The collar can sometimes be temperamental when syncing, but the support from FitBark customer service is generally solid if you’re experiencing problems.
If you’re looking for just a GPS tracker, and don’t want to spend as much as you would on the Whistle Go Explore, then the Tractive 3G could be a cheaper alternative.
This device uses cellular technology to allow you to keep tabs on your dog using live tracking. It also has an IPX7 waterproof rating. As long as it isn’t accidentally submerged in deep water, it will still work if your dog is swimming, exercising in bad weather or just likes rolling in mud.
The Tractive has a Virtual Fence function which allows you to set a perimeter for your dog, and the app will notify you if your dog leaves this area. Of course, you shouldn’t rely on this to let your dog roam unsupervised, as there’s a serious risk of injury or being stolen. But the feature provides extra peace of mind if your dog escapes.
The annual subscription isn’t as steep as the Whistle Go Explore, and there’s the option to upgrade to a Premium version. This allows you to track your dog even if you’re traveling overseas.
One of the downsides is that toy breed dogs may find this device too cumbersome. It’s one of the heaviest we’ve reviewed and is best suited for dogs over 10lbs in weight. The battery life isn’t the most effective either, as you only get 2 – 5 days before it will need to be recharged.
Additionally, I don’t think the Tractive is as reliable or accurate as the Whistle Go Explore. So, if you’re looking for real-time tracking, be prepared for some glitches, especially if cell coverage is patchy. The app has more bugs than some of the other products reviewed too.
The Fi Smart Dog Collar is an all-in-one smart collar and tracking device. It’s a relatively new player on the market and a direct competitor to the Whistle Go Explore. How does it compare to our #1 pick though?
It’s a waterproof collar, making it a good choice for dogs who love to swim. It also has a light for dark walks and excellent battery longevity – it can last up to 3 months on a single charge.
The Fi tracks a variety of metrics. It’s a GPS device, so you can follow your dog’s movements throughout the day. There’s also the option of creating safe zones, so you get notified if your dog escapes. Keep in mind that you’ll need to keep the base station plugged in for it to work though.
Aside from GPS tracking, the Fi Smart Collar lets you set goals for your dog’s activity levels. You can even compare activity to similar dogs, although I don’t recommend putting too much stock in these recommendations (all dogs are different!)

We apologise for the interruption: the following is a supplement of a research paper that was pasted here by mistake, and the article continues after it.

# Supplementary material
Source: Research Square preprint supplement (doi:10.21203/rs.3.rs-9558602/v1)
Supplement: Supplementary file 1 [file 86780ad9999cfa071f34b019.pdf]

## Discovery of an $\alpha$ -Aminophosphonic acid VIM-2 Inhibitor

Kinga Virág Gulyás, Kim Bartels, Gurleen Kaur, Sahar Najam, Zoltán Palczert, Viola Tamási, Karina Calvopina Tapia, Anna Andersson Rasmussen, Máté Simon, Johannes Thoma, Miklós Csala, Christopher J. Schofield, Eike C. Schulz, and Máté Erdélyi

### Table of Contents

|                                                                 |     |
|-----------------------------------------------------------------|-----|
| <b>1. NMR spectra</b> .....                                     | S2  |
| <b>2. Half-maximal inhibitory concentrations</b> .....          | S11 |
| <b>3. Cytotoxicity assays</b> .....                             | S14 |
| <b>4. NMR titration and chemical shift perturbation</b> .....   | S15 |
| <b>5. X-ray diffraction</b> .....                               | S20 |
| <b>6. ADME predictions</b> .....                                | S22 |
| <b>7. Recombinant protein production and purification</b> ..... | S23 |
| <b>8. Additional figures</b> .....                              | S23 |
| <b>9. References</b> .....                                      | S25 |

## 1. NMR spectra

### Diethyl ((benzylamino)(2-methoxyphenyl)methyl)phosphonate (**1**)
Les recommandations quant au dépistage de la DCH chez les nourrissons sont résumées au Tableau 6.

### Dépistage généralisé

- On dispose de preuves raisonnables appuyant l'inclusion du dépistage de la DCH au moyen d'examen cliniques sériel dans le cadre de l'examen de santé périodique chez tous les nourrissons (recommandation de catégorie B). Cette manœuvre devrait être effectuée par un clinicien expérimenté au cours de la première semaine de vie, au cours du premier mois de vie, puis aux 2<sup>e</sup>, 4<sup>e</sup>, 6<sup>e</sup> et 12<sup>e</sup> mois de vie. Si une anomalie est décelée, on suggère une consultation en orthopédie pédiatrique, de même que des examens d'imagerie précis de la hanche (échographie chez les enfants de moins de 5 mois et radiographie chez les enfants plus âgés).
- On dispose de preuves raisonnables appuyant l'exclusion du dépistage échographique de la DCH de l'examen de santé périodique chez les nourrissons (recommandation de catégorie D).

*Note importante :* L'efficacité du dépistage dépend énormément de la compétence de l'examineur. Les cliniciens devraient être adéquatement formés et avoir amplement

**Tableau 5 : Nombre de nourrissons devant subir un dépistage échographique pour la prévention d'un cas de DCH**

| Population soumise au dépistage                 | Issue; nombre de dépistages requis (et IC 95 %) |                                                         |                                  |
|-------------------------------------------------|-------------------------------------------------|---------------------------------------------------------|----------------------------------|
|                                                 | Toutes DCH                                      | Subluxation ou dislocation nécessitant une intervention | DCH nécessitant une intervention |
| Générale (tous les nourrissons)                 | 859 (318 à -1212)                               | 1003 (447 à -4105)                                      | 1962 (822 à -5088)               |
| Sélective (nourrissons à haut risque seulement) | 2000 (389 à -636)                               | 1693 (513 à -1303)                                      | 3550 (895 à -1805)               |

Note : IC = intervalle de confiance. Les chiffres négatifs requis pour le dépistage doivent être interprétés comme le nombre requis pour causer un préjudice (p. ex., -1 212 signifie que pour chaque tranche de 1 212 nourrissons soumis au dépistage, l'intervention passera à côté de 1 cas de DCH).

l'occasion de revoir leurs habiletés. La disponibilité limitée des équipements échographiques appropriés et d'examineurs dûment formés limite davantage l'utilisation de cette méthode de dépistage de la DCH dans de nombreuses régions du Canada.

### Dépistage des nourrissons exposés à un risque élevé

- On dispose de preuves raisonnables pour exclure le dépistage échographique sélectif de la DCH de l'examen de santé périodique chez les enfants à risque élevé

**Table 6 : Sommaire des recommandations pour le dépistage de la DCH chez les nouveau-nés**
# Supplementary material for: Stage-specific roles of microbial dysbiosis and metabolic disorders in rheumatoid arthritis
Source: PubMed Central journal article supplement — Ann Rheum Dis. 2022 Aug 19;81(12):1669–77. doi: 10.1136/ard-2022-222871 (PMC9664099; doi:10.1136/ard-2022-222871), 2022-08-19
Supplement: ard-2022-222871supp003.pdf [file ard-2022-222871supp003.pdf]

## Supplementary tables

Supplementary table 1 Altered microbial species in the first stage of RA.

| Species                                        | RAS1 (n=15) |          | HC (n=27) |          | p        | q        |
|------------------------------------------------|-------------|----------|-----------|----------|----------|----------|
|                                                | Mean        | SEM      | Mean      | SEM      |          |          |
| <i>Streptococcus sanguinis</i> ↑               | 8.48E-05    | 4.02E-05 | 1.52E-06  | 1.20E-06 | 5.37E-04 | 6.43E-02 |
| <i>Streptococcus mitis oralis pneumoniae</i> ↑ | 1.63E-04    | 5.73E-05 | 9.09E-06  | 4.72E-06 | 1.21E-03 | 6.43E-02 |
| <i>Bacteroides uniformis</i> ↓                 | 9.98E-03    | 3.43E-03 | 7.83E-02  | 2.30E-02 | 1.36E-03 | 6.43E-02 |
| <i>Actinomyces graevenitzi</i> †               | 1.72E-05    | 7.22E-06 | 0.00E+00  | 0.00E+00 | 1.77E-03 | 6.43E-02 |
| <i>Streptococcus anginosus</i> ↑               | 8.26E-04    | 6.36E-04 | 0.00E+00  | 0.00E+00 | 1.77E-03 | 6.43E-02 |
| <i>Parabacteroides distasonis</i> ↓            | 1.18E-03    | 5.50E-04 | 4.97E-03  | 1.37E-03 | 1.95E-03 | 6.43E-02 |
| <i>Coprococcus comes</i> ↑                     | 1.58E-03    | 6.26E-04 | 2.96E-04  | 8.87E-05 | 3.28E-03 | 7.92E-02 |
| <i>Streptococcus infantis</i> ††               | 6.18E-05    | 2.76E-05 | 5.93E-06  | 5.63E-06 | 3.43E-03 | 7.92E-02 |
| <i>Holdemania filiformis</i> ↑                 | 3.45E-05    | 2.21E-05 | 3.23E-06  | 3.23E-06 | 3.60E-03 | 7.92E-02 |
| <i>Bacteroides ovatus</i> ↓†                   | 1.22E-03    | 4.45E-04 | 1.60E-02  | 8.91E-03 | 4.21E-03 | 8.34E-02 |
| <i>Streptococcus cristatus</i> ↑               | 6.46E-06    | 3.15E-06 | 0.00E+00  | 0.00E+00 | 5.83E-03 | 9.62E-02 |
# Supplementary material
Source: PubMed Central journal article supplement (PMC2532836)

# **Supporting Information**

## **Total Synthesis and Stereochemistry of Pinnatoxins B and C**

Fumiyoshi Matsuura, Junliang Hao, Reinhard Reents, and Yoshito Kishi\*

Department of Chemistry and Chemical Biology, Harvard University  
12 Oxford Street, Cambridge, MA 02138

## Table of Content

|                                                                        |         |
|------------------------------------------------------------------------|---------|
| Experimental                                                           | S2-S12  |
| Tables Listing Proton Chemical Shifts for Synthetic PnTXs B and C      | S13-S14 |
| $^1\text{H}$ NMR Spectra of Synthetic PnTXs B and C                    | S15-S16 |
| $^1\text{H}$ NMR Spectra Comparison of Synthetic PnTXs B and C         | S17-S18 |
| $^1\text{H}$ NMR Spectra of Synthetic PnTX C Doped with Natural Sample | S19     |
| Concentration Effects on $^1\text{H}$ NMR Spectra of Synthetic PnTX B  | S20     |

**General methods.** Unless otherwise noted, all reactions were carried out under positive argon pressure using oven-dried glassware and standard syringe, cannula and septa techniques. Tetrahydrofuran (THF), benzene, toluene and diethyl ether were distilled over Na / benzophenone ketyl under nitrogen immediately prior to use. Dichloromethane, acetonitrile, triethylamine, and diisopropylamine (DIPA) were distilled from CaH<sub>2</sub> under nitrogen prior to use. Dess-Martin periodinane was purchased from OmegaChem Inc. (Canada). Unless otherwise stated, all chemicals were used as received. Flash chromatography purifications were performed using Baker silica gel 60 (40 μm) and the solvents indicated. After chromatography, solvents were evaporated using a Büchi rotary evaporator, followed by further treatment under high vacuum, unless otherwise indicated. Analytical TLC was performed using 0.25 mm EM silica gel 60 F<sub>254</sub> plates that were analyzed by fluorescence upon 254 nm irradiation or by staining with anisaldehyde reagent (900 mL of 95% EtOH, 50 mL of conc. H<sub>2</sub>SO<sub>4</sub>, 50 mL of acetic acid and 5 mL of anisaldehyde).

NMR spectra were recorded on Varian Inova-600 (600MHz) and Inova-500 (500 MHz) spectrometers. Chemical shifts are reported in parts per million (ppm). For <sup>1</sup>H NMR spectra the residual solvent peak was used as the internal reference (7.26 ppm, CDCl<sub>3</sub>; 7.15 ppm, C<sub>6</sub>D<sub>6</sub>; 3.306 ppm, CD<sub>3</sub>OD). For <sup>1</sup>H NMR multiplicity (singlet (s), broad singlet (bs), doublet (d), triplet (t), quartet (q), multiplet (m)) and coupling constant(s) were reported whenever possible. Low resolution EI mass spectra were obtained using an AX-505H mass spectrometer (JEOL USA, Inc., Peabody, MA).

Fi’s subscription is available in a one, two or three-year option. So you can save the longer you commit. Obviously, a three-year plan will tie you to the product for a long time, so you’ll need to be sure you like it during the two-week trial period.
While some people may like the fact that this is a collar and tracking device in one, it does have disadvantages. For one, the smallest collar will only fit a neck size of 11.5” or above. This means it won’t be an option for the tiniest of breeds. You also have less choice when it comes to collar design (click here for our list of the best dog collars.)
I also don’t think the app is as sophisticated as the Whistle Go Explore. It monitors steps, which can be helpful as a base point for looking at general exercise levels over time, but it doesn’t track the distance your dog has traveled or the calories burnt (like the FitBark 2 also does).
The live tracking option, like with most tracking devices, isn’t foolproof. It can be glitchy in areas that service is patchy, and can’t be used in some remote or rural locations where it’s not possible to get a GPS signal.
If you want a longer battery life and integral collar, this may be a preferred choice over the Whistle Go Explore. Otherwise, it doesn’t have quite the same sophistication in terms of features.
Like the Fi, the LinkAKC Smart Tracker is integrated into a branded collar. It’s a combination of GPS and activity monitor that’s available in a variety of sizes and two colors. Like most of the other GPS collars on this list, you can create safe zones for your pet.
An interesting feature is the temperature alert function. For flat-faced brachycephalic breeds that struggle in hot weather, this could be a useful reminder to prevent overheating. Dogs shouldn’t ever be in a hot car or other dangerously hot situation, however, so this alert function is unlikely to be used much.
The battery life is disappointingly short. It will only last around 3 days with average use before needing to be recharged. It’s also bulkier than the Fi and only suited for dogs above 10lbs.
I don’t think tracking function is as reliable as some of the other devices that we have reviewed. The app can be buggy, and it isn’t particularly sophisticated or intuitive. So, while it’s a decent collar, I recommend the others on this list above it.
The smart dog collar category is rapidly growing, so it’s not always easy to know which to choose. Here are some of the key considerations.
Before making a purchase, think carefully about the functions you would find beneficial. Smart collars can be an expensive investment, so it would be a shame if your collar doesn’t do everything you need.